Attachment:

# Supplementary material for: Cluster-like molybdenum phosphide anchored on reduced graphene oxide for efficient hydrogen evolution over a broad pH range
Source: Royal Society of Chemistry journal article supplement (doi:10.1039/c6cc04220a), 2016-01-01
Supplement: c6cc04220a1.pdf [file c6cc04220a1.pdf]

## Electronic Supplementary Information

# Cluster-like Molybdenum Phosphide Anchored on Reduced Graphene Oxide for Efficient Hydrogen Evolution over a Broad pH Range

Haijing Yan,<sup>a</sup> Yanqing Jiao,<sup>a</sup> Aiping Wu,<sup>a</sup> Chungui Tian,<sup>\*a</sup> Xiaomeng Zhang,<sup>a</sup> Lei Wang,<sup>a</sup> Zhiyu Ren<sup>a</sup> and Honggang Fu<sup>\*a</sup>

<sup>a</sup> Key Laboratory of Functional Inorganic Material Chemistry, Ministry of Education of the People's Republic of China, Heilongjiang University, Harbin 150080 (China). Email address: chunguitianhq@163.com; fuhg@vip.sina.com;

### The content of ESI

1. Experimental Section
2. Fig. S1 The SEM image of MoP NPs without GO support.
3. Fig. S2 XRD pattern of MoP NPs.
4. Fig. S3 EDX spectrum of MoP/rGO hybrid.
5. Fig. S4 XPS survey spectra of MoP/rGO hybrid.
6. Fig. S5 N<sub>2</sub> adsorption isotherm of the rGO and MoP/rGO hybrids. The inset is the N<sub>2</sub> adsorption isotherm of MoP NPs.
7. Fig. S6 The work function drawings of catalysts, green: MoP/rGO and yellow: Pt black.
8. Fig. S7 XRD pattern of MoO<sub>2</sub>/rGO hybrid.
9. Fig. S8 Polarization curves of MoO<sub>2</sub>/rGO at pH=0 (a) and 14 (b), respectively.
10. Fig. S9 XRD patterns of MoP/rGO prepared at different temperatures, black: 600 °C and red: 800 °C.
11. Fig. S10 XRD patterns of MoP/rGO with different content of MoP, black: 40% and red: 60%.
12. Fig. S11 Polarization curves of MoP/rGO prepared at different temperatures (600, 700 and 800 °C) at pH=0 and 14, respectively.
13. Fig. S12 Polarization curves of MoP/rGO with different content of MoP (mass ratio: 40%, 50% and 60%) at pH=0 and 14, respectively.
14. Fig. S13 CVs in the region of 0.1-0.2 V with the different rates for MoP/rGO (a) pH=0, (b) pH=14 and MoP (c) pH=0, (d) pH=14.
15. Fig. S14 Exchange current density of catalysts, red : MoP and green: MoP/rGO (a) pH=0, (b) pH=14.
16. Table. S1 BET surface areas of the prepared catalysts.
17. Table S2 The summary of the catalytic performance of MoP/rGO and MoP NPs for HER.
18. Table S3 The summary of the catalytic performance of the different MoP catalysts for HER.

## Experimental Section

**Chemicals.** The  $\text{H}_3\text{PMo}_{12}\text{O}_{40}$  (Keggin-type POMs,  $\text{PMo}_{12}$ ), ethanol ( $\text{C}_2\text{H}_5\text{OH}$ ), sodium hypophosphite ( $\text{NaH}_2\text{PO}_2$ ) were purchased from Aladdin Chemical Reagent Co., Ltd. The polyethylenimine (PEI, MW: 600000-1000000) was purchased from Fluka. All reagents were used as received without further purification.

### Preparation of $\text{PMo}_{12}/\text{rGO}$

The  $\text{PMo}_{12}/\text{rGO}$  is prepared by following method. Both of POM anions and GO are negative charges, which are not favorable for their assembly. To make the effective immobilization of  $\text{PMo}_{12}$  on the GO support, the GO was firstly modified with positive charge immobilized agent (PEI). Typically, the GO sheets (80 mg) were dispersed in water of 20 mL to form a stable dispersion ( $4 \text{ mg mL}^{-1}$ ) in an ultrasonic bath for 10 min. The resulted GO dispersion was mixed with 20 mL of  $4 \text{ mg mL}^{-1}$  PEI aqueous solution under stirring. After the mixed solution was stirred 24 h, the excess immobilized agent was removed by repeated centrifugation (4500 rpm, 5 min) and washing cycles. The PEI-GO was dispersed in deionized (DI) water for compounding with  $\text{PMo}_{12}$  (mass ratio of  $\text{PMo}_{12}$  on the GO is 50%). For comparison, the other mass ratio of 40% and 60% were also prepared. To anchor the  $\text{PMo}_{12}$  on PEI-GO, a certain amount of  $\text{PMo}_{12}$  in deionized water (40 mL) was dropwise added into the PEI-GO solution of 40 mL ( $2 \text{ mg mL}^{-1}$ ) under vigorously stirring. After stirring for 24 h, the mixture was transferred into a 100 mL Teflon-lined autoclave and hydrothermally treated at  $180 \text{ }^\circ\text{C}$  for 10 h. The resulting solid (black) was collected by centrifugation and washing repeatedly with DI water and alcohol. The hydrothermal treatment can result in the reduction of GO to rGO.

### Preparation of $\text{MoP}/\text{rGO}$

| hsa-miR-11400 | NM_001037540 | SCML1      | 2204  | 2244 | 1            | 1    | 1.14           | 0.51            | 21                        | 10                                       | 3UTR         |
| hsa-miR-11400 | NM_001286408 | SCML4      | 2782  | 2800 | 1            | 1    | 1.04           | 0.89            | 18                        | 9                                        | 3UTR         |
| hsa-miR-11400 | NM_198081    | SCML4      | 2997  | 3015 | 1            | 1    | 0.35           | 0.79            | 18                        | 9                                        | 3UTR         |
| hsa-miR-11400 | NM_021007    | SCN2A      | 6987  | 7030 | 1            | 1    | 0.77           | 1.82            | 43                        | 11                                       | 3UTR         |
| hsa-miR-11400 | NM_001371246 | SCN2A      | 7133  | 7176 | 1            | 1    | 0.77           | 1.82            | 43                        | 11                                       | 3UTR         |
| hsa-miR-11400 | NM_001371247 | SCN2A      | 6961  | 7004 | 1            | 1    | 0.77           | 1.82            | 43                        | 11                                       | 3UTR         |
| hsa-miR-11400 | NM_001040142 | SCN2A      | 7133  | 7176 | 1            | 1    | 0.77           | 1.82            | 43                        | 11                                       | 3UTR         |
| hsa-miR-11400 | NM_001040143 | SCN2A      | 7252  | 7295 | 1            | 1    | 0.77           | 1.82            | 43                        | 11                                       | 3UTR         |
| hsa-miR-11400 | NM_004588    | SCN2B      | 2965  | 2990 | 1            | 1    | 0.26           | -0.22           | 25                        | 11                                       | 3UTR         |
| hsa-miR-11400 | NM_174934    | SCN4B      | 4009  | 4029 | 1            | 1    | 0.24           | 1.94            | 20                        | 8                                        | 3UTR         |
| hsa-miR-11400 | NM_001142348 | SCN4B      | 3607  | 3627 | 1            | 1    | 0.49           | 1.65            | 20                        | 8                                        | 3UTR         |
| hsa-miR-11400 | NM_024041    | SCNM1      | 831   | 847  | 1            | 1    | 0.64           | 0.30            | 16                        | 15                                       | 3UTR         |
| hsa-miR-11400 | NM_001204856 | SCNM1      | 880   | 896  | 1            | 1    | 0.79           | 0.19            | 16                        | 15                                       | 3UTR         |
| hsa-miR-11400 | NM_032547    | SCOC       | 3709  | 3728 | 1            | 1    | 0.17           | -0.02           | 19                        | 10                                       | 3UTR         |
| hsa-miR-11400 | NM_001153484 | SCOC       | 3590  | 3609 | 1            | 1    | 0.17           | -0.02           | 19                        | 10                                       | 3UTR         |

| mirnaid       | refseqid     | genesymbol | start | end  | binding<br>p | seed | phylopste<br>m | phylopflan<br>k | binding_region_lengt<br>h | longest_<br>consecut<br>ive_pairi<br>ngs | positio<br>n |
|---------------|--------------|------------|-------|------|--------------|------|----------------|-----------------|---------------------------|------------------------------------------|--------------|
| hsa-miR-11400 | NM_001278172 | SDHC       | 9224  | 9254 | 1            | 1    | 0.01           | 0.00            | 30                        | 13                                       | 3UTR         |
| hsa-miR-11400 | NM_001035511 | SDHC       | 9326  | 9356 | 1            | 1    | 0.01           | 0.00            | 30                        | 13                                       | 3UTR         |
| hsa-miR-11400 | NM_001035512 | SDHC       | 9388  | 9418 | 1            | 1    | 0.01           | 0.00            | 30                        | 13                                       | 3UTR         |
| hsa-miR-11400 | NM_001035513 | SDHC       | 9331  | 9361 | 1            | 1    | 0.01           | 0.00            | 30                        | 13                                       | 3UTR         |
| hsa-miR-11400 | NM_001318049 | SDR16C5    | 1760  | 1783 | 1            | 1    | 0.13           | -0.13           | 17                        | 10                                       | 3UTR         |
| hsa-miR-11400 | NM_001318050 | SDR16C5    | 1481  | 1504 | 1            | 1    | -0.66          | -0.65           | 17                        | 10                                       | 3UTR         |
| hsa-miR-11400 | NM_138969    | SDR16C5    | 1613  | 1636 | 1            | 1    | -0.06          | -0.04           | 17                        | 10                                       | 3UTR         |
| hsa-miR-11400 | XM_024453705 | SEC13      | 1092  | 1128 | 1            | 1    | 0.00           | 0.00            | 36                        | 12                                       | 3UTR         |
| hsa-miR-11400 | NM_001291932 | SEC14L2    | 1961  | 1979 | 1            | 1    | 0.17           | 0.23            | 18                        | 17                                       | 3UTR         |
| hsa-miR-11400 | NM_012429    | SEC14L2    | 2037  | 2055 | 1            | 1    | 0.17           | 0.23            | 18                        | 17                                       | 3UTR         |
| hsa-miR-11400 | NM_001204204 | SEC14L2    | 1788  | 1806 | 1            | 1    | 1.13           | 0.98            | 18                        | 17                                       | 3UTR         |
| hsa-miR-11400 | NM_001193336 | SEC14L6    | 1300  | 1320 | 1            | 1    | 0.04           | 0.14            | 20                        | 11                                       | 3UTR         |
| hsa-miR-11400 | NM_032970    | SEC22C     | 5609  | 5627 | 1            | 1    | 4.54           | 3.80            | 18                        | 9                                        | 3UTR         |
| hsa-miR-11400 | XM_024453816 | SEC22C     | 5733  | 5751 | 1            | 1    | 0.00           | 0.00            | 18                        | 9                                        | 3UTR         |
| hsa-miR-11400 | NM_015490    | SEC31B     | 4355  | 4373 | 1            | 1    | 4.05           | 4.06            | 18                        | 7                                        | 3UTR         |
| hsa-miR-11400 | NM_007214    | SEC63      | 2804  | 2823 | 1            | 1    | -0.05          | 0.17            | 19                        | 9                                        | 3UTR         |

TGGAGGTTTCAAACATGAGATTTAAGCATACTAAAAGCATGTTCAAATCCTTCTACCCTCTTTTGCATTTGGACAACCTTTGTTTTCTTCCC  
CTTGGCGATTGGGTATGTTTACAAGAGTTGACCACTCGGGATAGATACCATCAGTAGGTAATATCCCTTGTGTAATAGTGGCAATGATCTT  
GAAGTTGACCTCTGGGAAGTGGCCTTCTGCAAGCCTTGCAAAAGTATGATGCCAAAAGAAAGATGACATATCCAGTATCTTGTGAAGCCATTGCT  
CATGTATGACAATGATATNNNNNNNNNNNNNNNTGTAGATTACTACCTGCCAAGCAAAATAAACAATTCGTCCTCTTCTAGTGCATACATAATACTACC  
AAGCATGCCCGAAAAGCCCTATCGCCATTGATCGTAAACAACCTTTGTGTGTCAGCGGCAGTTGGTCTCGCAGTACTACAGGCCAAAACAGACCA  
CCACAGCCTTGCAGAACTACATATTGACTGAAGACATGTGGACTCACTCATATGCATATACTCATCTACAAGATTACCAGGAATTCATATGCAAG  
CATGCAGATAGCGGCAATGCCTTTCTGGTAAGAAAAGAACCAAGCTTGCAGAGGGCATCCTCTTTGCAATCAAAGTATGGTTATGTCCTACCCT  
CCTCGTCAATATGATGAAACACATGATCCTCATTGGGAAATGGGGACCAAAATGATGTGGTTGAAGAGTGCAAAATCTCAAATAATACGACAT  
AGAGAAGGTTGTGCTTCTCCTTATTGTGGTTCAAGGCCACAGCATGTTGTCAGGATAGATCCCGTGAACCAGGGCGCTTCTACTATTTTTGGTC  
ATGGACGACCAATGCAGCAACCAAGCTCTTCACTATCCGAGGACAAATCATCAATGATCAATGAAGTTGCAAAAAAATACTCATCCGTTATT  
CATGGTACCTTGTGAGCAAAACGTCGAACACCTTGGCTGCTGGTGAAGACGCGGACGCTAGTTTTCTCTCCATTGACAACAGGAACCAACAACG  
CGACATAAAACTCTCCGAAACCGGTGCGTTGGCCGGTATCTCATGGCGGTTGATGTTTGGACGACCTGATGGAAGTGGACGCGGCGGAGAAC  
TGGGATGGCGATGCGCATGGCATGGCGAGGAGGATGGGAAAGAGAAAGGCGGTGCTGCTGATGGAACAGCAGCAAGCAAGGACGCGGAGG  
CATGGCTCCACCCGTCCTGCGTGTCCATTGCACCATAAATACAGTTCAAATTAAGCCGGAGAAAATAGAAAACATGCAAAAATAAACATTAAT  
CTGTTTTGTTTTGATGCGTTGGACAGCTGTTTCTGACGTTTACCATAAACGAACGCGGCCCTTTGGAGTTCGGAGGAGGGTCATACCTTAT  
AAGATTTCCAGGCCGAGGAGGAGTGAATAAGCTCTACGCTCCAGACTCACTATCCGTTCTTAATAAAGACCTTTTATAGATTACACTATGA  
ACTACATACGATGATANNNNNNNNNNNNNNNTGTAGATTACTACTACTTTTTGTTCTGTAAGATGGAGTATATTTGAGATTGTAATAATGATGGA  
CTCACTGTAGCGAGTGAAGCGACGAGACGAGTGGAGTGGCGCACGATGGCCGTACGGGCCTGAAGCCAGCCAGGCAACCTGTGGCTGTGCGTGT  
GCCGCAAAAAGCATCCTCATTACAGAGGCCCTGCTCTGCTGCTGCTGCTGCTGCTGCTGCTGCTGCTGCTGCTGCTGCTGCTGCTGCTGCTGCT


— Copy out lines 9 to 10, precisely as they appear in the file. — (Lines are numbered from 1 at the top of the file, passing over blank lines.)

1. Experimental Section
2. Fig. S1 The SEM image of MoP NPs without GO support.